Written by Dr Catherine Llewellyn
I recently came across a lovely video on Facebook of a Us teacher, Barry White Junior, teaching 5th graders. This charismatic teacher has developed an individual handshake with each of his students as a way of connecting with them emotionally and preparing them to learn in his class. It gave me pause to thought: What is it that makes a great teacher?
Role of the principal and importance of good governance
The principal is the head of the school and the standard bearer for the values and culture within the school system. They are in the unenviable position of having to be across issues as they arise in the school. A good principal will act proactively to prevent problems spiralling out of control and resolve conflict, whether between staff members or between parents and teachers.
Good school governance encourages parental involvement throughout their child’s educational journey. They welcome feedback from parents and students, and proactively explore ways in which the culture and experience of the school can be improved. A strong leadership team will respond to complaints by actively seeking out facts prior to determining an outcome or conclusion.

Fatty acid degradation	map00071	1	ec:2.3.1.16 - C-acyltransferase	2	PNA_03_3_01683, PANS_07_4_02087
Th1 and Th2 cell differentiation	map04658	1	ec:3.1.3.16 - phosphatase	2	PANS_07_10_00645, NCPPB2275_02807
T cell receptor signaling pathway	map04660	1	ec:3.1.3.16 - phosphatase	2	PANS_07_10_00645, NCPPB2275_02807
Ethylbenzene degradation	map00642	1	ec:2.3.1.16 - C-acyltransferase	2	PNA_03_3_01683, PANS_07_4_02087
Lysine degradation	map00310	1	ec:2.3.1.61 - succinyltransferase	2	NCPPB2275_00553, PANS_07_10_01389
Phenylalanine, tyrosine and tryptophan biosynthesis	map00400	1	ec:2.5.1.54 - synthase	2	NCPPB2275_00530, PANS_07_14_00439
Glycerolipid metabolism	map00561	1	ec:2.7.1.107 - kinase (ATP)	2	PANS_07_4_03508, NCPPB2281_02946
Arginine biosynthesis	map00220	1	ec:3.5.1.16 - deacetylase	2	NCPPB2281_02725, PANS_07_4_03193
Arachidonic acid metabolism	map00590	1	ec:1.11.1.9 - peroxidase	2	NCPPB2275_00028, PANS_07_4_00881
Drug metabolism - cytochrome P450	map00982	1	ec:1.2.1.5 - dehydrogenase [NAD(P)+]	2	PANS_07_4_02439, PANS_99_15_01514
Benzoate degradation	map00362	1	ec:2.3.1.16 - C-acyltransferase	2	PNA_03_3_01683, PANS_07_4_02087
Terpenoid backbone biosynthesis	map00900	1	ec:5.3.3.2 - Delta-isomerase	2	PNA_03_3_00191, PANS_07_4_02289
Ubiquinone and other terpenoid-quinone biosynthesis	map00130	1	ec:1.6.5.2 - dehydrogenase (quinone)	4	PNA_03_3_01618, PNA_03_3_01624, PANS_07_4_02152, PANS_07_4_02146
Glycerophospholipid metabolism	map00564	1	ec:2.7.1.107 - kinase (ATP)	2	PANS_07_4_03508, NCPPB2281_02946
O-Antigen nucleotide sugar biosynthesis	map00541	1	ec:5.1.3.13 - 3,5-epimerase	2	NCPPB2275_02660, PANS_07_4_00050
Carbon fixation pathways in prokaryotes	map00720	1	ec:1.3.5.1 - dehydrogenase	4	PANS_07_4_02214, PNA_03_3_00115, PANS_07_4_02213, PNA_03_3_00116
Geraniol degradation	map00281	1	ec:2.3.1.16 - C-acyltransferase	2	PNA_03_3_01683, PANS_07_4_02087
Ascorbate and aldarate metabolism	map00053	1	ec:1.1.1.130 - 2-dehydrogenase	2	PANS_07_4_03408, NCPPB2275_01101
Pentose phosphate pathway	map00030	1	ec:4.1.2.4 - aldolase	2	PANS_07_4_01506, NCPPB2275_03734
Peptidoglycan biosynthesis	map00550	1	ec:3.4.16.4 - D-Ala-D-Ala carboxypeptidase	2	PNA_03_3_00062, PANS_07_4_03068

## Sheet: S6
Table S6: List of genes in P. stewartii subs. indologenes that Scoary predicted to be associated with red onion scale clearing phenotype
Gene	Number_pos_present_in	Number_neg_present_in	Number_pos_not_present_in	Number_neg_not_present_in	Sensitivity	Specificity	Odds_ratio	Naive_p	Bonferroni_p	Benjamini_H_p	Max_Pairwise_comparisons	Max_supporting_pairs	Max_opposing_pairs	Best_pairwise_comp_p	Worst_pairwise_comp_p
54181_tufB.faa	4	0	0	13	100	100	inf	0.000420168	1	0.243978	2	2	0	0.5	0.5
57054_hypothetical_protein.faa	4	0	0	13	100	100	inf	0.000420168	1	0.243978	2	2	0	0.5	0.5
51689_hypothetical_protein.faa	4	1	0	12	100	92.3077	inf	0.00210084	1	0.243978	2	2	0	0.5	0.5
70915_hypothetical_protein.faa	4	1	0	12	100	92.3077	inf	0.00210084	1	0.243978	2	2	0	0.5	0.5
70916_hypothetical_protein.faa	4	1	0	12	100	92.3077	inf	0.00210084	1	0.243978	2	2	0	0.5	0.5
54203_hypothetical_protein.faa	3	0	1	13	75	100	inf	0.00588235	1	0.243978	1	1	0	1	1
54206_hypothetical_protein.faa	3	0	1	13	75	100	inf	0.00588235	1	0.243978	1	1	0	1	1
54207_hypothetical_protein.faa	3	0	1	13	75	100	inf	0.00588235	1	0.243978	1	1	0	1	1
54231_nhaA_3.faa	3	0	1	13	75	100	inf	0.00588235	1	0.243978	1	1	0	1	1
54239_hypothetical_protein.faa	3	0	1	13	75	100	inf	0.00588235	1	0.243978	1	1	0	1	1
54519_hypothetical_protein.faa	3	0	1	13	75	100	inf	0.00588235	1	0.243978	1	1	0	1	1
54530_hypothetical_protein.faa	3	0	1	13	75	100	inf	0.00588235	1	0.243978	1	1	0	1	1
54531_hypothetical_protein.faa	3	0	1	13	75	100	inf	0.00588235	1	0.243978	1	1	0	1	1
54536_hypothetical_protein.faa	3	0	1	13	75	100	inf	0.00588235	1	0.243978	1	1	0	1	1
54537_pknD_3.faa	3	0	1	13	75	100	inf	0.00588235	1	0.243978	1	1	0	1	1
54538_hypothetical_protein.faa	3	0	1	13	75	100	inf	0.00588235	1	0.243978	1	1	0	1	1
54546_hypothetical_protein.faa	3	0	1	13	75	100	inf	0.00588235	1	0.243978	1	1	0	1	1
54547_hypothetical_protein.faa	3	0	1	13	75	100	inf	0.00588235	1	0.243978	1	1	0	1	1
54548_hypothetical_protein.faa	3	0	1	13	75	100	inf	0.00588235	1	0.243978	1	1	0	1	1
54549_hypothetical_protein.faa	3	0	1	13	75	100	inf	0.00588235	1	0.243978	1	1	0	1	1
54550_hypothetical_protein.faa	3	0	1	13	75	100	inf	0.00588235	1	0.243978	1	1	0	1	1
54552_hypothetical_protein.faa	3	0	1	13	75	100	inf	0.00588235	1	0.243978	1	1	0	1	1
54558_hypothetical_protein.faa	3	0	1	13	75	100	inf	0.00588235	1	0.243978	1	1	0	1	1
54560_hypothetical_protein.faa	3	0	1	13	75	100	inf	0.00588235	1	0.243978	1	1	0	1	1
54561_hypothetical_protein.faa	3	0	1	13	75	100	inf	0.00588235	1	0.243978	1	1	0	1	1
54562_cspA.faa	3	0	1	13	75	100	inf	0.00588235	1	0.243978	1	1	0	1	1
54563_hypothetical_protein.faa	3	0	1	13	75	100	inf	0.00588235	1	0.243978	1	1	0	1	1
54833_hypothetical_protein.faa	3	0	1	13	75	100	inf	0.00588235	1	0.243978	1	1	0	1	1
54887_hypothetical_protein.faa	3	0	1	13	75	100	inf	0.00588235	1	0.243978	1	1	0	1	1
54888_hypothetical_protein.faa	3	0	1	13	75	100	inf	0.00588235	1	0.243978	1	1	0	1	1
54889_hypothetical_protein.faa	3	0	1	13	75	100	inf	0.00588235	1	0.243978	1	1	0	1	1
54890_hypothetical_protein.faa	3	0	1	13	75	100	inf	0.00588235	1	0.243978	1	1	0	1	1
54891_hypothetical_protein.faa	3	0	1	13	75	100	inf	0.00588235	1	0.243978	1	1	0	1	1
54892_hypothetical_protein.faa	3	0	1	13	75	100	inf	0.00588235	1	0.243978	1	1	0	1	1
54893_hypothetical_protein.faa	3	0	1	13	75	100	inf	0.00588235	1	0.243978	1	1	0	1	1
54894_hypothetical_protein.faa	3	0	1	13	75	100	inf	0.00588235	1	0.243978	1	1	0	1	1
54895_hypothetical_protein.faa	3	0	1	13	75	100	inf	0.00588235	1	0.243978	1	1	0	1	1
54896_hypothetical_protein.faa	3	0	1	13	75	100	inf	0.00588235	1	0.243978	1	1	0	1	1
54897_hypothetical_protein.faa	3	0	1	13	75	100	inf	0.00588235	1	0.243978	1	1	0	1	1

Good school governance happens when the principal and staff are able to be transparent regarding any difficulties: highly-functioning systems create a balance between addressing staff underperformance, maintaining staff confidentiality, all the while placing the best interests of the child first. As a result of their conduct, schools with strong leadership foster a strong sense of school community by facilitating an “open door” policy with parents, ensuring that issues are dealt with expediently.